Clause 10, as amended, agreed to.
Clause 11 agreed to.
Schedule 1 [Acts containing powers of entry, or authorising the making of regulations containing such powers]:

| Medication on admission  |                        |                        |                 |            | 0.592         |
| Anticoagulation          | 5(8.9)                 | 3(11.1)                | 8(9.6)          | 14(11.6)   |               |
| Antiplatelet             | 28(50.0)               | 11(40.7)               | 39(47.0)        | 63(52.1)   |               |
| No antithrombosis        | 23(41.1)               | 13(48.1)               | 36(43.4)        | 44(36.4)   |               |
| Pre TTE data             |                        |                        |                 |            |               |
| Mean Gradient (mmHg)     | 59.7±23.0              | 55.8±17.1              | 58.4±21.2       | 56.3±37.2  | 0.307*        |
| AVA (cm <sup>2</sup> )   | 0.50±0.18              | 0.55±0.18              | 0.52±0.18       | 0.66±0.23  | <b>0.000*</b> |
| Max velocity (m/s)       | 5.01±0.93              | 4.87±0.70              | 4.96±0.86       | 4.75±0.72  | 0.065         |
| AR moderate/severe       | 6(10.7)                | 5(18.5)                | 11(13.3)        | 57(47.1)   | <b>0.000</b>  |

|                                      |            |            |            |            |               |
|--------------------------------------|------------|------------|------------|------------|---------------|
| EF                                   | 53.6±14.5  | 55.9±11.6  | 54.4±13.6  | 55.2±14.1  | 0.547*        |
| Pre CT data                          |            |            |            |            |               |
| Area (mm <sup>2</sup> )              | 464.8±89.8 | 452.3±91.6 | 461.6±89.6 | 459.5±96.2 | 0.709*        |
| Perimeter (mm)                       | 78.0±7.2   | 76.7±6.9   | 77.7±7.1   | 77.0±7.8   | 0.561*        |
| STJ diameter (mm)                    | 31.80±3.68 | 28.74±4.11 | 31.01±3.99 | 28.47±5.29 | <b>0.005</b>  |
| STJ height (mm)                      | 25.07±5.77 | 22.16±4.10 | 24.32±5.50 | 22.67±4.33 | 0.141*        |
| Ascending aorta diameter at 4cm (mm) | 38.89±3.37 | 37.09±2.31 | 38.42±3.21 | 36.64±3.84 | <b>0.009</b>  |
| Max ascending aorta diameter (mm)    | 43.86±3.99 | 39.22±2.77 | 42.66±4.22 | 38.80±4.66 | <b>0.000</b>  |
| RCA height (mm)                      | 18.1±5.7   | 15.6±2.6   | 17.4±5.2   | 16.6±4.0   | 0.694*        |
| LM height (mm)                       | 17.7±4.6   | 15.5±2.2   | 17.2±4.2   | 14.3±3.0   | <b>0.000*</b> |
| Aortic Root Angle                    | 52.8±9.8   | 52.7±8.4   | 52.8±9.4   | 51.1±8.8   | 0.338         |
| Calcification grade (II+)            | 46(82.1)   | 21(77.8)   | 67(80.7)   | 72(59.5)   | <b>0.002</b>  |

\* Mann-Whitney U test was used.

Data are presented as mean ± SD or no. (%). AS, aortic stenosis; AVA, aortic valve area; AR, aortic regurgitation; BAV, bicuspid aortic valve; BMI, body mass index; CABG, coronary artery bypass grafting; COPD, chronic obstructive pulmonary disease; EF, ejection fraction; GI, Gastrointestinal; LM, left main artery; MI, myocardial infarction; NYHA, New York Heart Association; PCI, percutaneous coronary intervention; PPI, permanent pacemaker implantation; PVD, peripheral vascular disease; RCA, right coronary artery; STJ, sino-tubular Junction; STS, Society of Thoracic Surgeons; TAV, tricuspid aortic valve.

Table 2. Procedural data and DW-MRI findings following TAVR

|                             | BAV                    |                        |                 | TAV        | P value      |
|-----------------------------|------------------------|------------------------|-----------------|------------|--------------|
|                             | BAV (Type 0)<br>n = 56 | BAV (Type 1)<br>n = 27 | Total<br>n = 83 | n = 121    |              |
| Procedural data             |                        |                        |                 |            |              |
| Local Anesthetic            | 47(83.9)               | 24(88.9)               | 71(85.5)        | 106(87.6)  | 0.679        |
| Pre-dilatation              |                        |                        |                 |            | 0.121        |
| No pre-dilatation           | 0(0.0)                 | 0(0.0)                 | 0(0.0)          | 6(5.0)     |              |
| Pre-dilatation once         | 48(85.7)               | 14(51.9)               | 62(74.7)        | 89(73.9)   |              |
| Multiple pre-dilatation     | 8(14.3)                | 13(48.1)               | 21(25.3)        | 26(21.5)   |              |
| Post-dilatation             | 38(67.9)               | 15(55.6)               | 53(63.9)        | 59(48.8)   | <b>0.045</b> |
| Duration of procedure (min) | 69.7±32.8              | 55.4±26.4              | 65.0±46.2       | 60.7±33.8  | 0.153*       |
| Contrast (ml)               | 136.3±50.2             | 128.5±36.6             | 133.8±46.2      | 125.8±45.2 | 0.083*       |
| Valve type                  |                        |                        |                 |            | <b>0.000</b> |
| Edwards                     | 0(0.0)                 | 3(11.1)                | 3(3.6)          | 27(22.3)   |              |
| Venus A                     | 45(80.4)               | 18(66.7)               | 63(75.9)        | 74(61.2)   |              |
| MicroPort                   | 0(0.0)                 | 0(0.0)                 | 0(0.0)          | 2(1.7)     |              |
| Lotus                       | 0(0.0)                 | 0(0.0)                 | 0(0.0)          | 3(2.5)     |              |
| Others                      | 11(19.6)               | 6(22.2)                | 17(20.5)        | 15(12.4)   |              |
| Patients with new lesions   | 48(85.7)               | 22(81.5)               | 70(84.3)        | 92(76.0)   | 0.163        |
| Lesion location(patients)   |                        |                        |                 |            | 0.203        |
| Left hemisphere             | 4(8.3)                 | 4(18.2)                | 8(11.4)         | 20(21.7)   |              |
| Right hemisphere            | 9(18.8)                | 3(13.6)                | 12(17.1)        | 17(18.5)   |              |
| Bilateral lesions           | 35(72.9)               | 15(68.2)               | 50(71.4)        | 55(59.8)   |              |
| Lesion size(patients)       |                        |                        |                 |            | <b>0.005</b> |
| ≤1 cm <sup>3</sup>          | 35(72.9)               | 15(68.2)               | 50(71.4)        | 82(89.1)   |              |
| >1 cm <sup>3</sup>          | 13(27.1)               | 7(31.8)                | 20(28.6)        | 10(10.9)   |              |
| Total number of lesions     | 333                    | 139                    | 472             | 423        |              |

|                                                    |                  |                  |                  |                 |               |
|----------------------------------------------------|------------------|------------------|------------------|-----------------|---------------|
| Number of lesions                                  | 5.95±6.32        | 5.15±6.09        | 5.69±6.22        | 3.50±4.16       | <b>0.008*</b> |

16: Schedule 1, leave out Schedule 1 and insert the following new Schedule—